Southwards!

I’m finally in Australia! The past few months have been a flurry of work, both preparing for this trip and wrapping up projects at home in Seattle, WA. The trip felt more and more surreal during the final week before I left, even as I double-checked packing lists and exchanged last minute emails with collaborators. After 4 flights and 32 total hours of travel time, I’m settled in Ballina, Australia (pronounced, BA-llina). I was greeted at the airport by my host, Deb, and her furry field assistant, Ragland (I will add photos when I have access to better internet!)

This week, Deb is showing me around her field sites along the coast here in eastern Australia while I adjust to the time zone. I am thrilled to be working with Deb because she studies both coastal geomorphology (the shape and stability of the coastline) and ecology (what lives in these environments). I am a geomorphologist: I study the interaction between rivers and oceans by measuring the flow of water and mud and by reading the deposited layers of mud like a book. I don’t usually think about the trees and creatures living in these environments. Deb will be teaching me new techniques for looking at the ecology of these fascinating coastlines.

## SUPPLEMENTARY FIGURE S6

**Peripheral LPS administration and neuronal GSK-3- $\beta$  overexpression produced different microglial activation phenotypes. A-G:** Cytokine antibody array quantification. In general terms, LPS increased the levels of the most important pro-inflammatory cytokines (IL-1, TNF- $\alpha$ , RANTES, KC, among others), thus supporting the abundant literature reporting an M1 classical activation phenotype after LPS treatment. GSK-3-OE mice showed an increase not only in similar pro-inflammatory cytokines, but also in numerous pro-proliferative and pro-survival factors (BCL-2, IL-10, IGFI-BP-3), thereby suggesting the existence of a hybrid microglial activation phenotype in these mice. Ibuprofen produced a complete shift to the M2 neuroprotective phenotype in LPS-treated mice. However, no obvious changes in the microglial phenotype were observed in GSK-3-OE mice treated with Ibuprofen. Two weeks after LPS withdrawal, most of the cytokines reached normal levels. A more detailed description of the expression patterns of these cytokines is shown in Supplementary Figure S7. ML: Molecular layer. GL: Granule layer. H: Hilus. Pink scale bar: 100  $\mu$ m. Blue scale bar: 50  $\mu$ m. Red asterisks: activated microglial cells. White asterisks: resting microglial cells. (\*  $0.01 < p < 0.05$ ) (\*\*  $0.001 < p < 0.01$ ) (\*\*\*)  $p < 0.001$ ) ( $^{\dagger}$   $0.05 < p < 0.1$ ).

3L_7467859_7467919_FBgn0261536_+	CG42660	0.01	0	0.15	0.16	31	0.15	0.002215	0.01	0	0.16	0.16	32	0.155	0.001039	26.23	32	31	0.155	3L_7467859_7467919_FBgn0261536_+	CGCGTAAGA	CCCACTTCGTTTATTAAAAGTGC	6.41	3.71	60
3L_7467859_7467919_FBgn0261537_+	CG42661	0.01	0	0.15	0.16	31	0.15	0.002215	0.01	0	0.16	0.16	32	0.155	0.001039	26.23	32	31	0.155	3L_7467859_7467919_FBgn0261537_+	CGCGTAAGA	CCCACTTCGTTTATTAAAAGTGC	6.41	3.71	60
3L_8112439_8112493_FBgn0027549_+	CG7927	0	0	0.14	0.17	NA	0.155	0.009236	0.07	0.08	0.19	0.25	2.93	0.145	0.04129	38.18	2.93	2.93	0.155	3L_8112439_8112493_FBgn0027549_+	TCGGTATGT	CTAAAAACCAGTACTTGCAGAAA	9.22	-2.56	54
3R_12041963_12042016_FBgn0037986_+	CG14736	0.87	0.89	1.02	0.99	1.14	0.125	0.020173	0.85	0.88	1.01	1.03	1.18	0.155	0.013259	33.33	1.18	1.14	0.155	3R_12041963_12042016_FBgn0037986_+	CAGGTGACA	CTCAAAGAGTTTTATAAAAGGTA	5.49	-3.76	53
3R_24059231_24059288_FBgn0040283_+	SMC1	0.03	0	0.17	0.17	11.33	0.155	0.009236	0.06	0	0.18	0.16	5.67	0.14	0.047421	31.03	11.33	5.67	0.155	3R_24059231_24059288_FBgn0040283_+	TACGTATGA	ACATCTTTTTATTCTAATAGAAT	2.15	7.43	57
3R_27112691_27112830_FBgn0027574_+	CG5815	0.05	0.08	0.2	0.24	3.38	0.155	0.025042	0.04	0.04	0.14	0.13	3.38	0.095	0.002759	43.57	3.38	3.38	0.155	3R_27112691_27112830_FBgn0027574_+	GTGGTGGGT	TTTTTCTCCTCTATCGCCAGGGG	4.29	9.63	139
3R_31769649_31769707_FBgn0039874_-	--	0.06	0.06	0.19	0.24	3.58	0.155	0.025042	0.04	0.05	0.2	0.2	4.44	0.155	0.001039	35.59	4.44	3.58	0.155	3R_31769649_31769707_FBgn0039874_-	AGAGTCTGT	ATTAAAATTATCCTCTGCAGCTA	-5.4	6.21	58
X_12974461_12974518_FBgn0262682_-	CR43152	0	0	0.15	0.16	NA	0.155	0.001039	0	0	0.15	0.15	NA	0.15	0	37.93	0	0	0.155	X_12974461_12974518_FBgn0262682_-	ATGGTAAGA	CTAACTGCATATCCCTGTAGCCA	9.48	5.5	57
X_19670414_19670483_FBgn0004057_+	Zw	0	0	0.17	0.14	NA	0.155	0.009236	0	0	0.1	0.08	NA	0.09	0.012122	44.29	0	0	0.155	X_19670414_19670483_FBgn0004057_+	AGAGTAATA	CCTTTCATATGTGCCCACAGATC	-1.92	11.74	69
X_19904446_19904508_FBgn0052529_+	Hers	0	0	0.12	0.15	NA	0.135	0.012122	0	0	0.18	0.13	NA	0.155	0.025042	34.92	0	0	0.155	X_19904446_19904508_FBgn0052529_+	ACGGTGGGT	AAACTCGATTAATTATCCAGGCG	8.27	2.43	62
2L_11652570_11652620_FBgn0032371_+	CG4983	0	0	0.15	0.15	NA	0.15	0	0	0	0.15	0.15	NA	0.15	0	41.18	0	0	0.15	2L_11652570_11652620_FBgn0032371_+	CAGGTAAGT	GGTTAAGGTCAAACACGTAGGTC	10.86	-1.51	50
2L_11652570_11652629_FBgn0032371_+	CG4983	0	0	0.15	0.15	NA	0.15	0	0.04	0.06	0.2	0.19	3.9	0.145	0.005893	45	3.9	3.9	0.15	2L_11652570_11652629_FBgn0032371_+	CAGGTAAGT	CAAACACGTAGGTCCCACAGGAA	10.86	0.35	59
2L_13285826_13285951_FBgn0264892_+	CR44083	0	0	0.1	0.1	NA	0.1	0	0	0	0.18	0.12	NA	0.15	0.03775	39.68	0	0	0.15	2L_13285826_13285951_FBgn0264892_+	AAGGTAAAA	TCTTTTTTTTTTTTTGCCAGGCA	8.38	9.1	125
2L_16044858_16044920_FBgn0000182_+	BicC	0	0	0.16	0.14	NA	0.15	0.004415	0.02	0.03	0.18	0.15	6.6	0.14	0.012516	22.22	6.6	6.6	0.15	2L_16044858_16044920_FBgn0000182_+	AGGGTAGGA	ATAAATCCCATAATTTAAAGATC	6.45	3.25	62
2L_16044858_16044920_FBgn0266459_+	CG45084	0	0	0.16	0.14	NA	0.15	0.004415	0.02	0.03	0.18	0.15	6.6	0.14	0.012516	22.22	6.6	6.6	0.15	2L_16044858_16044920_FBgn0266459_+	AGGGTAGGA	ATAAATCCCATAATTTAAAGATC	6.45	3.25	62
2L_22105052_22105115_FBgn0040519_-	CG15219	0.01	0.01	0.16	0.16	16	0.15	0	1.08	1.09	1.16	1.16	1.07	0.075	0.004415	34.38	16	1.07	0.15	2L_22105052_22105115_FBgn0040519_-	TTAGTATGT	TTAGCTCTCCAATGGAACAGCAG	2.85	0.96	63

Here in warm and sunny Ballina, many of the coastlines have mangroves. Mangroves are incredible and unique: they are the only tree that lives in saltwater environments. They stabilize coastlines, provide habitat, and trap carbon. Today we’ll be wading through a muddy, mangrove forest to measure the rates of mud deposition in the forest. Tomorrow we’ll head north to Sandon Estuary where Deb has been monitoring turtle migration.

Sadly, I won’t have much time to explore this exciting coastline. Next week we leave for New Zealand! Deb and I are collaborating with researchers at the University of Waikato in New Zealand to study a small estuary on the North Island. We’ll be investigating what has changed in the estuary after mangrove trees were cut down ~10 years ago. I’m excited to be able to explore so many new coastal environments!

1 Comment
1 Like

Good luck!

June 7, 2019 01:28 PM by Brittany M. Schieler

I recently read that Mangroves hold more sequestered carbon than rainforests! Good luck in New Zealand! 

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